Small prize, big reward

Win a prize! Impress your friends! A recent study suggests that even small, monetarily worthless rewards can inspire big competition when those rewards are highly visible within a group of potential competitors. Your grade-school teacher figured this out—think about the stickers you earned for good behavior. It also turns up in college football, where hard work on the field earns players stickers to put on their helmets.


  1. This is so very true. As an office manager, on a slow day I once observed that a sudden and public assignment of points to someone who performed a routine but satisfactory task sparked a fervent competition in the staff for practically no other reason.

  2. I’m familiar with a similar study run over the last six years or so that found the exact same thing. It’s called “World of Warcraft.”

  3. When I was in 3rd grade, Mrs. Glore gave us gold stars on a big chart for the multiplication tables; a grid with our names down the Y-axis and cells for 1-12. Get the “3’s” right, get a star next to your name in the “3” column, etc.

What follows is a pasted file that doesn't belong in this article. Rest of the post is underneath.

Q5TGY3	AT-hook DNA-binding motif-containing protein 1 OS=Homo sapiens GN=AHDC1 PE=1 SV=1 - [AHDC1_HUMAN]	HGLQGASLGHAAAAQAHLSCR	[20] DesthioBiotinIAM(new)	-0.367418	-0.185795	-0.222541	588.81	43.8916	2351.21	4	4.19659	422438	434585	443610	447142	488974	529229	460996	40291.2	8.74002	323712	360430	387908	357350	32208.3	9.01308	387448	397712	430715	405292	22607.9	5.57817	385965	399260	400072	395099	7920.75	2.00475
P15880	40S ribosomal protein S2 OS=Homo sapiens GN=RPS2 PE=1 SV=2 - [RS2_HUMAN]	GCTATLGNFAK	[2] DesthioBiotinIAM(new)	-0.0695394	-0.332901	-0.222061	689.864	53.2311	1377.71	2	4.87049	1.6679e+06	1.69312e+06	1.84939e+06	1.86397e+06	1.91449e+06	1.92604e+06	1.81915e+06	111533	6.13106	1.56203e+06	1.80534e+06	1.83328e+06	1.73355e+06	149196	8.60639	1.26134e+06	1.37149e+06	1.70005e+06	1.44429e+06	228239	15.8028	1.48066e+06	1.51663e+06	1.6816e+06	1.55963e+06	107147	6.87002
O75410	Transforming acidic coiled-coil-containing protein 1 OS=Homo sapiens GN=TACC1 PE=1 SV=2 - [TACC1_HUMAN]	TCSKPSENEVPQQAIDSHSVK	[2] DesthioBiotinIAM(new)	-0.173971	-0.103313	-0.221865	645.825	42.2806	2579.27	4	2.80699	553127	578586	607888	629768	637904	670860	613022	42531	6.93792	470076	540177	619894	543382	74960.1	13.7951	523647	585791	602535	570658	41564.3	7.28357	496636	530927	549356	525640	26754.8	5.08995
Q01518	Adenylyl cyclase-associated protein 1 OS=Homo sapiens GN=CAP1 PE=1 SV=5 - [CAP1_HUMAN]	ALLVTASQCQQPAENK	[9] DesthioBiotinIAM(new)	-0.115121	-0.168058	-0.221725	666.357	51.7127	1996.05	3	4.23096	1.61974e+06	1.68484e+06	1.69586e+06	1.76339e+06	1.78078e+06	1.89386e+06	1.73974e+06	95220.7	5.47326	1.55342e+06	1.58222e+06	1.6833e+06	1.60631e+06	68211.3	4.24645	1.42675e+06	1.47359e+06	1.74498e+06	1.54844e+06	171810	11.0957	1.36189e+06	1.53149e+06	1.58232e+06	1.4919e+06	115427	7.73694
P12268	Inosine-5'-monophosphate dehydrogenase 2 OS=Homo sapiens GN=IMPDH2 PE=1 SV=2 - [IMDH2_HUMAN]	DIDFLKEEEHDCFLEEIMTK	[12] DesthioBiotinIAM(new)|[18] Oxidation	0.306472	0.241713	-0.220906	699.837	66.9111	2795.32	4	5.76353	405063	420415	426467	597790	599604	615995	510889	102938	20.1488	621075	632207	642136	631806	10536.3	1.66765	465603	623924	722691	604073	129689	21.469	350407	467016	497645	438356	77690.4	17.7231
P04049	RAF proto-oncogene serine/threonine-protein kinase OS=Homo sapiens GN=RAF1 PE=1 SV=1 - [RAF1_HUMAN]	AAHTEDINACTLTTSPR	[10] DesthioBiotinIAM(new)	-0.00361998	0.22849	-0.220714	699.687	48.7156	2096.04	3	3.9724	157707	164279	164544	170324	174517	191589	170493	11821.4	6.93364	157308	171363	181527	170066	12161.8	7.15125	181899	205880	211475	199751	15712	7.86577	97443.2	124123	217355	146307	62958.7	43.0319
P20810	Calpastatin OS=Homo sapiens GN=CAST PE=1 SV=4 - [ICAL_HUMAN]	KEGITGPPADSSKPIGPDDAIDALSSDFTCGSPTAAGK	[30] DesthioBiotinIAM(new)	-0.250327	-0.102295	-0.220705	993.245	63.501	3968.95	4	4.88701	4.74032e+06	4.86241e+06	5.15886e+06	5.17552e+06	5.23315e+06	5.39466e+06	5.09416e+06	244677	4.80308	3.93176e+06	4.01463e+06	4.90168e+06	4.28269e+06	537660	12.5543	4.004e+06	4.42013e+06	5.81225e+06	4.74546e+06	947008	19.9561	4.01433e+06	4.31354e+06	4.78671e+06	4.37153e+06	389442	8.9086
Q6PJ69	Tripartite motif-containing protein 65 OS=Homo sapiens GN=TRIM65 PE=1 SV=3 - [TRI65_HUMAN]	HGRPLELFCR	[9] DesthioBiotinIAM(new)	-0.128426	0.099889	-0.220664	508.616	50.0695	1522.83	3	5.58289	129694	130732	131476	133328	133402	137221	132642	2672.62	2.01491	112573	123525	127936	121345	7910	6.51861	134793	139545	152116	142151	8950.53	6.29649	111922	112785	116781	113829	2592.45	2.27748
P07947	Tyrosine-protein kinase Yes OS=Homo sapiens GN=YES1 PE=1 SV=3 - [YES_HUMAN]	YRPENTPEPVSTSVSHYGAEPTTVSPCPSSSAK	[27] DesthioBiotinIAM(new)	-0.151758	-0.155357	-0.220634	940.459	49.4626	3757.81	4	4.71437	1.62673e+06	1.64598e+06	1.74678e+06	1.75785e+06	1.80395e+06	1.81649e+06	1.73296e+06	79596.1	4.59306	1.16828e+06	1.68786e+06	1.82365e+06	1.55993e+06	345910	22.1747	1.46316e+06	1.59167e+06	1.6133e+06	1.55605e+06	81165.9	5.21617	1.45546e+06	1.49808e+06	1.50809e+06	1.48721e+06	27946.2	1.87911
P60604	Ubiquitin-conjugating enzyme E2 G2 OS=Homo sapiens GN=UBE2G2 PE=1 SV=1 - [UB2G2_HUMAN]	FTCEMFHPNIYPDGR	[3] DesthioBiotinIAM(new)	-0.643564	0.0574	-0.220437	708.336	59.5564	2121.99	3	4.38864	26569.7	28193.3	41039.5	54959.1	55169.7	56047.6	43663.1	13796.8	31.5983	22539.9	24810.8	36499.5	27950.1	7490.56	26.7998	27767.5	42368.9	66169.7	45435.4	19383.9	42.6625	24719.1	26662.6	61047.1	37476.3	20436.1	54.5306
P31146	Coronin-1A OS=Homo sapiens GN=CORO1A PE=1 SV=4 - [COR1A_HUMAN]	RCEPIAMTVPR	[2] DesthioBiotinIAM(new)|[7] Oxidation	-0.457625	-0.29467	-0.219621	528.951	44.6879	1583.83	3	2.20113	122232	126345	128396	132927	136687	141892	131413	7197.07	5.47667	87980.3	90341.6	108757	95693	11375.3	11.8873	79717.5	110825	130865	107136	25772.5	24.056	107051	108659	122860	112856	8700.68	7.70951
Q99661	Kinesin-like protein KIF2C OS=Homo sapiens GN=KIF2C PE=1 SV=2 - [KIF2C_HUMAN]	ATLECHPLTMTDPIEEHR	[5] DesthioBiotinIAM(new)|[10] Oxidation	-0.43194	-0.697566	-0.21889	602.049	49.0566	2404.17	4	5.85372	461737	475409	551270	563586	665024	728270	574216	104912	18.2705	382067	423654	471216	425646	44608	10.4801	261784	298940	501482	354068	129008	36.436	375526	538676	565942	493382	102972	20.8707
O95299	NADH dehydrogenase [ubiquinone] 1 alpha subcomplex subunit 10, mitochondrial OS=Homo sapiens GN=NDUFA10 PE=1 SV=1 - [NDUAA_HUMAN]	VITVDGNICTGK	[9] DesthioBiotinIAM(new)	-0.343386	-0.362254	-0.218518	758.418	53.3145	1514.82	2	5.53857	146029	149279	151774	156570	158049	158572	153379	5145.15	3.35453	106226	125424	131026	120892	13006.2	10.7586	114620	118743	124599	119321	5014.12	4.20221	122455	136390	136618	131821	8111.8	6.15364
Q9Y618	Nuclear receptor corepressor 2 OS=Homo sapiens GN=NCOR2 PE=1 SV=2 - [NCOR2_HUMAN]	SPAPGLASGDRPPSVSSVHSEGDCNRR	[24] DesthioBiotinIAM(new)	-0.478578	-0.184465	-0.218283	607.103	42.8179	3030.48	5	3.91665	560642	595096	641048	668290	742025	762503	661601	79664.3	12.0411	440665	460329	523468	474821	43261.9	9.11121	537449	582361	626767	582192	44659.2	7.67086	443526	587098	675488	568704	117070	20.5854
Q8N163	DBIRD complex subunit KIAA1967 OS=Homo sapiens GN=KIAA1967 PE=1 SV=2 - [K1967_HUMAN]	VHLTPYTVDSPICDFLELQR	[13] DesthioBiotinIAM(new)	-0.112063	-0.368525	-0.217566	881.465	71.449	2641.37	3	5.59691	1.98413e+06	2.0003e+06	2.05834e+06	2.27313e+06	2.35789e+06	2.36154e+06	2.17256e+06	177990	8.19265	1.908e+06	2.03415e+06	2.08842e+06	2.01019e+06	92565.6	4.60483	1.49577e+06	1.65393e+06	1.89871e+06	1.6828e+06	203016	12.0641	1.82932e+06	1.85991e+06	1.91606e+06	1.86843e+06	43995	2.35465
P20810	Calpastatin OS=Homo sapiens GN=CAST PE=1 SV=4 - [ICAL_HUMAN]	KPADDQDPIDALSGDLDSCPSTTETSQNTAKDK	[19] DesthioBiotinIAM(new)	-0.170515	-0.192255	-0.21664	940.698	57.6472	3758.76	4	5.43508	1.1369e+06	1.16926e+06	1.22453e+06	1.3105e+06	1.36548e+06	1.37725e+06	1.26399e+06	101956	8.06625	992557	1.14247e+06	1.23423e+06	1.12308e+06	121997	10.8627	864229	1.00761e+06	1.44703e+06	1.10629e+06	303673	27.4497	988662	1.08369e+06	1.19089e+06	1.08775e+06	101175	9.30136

After a month or so of this, I hadn’t filled in any but the easist columns; 1, 2, 10. Mrs. Glore brought this up as a concern at a parent-teacher meeting, and my Mom then brought it up as a concern with me. “Why,” she asked, “aren’t you doing your times tables at school?”

    “Because I’ve got a whole box of gold stars in my craft drawer,” I answered.

    Still makes sense to me, 26 years later.

  4. I thought it said win a pretzel. My friends would be impressed by that.

    We get rewards were I work. It was described in a way that I found no different than explanations of operant conditioning.

  5. This has been known for a long, long time, really. Think of medals and citations in military forces going back to Roman times.

    In the end, what we crave as social beasts is recognition, and money is actually pretty limited in providing that. The only advantage to money is how it lets us trade assets and favours, really.

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